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Using Your Consumer Power to Eradicate Human Trafficking

California’s Supply Chain Transparency Act

The Supply Chain Transparency Act (SB 657) was signed into law September 30, 2010, in California by Governor Arnold Schwarzenegger. The act requires retailers and manufacturers in California with worldwide gross receipts in excess of 100 million dollars—about 3,000 retailers—to report publicly their steps (or lack thereof) to eradicate slavery and human trafficking from their direct supply chain.

The act creates a mechanism for consumers to compare company efforts regarding forced labor and human trafficking, allowing individuals to make informed decisions that connect their values and their spending. The Alliance to Stop Slavery and End Trafficking (ASSET) was instrumental in shepherding this act through the California legislature.

“This bill reflects the realities of the marketplace, which increasingly requires that companies be sensitive to social and ethical issues, including labor and supply chains, and create human rights policies as well as processes to evaluate, monitor and strengthen those policies,” said Julie Tanner, Assistant Director of Socially Responsible Investing (SRI) at CBIS. 

According to Drew Liebert, Chief Counsel to the California Assembly Judiciary Committee, “Large business entities must make available to consumers information about whatever these business’s voluntary efforts are, including none, to eradicate slavery and human trafficking that could inadvertently be in their product supply chains; that is, the bill does not in fact require the specified large businesses to do anything other than make available the facts about what if anything they are doing to deter human trafficking and slavery in their product supply chains. The bill leaves it to consumers to decide whether and how, if at all, they wish to use such information in their purchasing decisions.”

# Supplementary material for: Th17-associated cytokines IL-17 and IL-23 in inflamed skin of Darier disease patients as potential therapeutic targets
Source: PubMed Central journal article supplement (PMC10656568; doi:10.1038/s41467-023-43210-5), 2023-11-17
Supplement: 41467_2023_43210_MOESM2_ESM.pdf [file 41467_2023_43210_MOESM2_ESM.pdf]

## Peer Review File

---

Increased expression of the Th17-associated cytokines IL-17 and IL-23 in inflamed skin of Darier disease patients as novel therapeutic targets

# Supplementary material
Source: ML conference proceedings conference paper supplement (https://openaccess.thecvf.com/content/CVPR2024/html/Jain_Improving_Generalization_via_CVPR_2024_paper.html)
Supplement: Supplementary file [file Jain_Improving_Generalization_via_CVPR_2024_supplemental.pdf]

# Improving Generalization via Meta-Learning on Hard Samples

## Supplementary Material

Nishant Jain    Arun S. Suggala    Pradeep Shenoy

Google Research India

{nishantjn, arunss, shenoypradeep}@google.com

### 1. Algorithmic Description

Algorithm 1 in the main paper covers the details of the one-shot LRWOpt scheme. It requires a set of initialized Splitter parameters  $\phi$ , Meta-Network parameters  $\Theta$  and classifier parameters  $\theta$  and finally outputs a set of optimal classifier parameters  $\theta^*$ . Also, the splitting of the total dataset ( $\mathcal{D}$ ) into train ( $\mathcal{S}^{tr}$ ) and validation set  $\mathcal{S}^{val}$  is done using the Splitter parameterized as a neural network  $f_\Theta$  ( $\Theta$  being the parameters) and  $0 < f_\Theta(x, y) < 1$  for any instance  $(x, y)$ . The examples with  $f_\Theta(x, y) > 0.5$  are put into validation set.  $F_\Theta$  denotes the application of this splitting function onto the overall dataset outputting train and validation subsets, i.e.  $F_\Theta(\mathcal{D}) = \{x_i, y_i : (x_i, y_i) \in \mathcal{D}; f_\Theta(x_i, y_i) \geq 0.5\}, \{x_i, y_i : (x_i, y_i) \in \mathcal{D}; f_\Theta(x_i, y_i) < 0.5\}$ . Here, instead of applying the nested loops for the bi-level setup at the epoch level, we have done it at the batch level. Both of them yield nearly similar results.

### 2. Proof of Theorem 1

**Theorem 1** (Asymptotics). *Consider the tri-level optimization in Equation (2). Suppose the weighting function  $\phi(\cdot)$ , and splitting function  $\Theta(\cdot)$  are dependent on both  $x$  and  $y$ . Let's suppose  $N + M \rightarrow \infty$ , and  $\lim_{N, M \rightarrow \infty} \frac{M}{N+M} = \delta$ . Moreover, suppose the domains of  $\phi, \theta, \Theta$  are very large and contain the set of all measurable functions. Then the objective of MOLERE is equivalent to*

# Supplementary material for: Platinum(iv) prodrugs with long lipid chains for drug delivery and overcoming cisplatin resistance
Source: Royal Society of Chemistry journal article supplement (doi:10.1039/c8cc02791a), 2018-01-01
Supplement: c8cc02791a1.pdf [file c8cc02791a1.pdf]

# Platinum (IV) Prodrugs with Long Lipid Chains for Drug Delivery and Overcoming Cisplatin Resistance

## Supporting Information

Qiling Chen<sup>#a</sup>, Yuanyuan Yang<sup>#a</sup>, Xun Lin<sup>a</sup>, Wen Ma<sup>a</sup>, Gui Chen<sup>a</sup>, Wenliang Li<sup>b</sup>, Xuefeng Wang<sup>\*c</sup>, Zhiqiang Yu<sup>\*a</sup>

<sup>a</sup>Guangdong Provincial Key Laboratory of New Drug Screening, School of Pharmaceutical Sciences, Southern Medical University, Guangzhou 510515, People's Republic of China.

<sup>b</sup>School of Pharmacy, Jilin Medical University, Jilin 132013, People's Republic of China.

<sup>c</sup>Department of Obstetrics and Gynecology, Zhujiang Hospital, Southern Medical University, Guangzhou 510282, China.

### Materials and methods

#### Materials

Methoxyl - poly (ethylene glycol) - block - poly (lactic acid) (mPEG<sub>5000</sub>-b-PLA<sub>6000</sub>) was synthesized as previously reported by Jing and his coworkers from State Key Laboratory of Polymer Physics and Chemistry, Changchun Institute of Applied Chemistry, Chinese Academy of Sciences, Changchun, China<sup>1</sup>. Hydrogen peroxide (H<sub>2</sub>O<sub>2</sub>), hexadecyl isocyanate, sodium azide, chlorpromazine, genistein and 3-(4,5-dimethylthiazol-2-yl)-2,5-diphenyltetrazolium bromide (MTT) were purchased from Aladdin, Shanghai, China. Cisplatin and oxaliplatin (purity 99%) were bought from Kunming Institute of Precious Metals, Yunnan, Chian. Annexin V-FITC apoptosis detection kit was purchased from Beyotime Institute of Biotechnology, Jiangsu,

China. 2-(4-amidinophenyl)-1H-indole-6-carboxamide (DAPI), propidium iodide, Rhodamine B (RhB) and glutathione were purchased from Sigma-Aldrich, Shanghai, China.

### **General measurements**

As of January 1, 2012, consumers can go to a company’s website to view the company’s information regarding their efforts to remove slavery and human trafficking from their supply chain. If the company does not maintain a website then consumers can request a written disclosure to be mailed to them 30 days from the request.

While no monitoring body has yet been established, the California attorney general is authorized to seek injunctive relief if a company does not comply. Based on tax returns filed, the California Franchise Tax Board will make available to the attorney general each year a list of retail sellers and manufacturers required to disclose their efforts. It is expected that interest groups will access and use a noncompliant company’s disclosure to put public pressure on the company to modify its practices.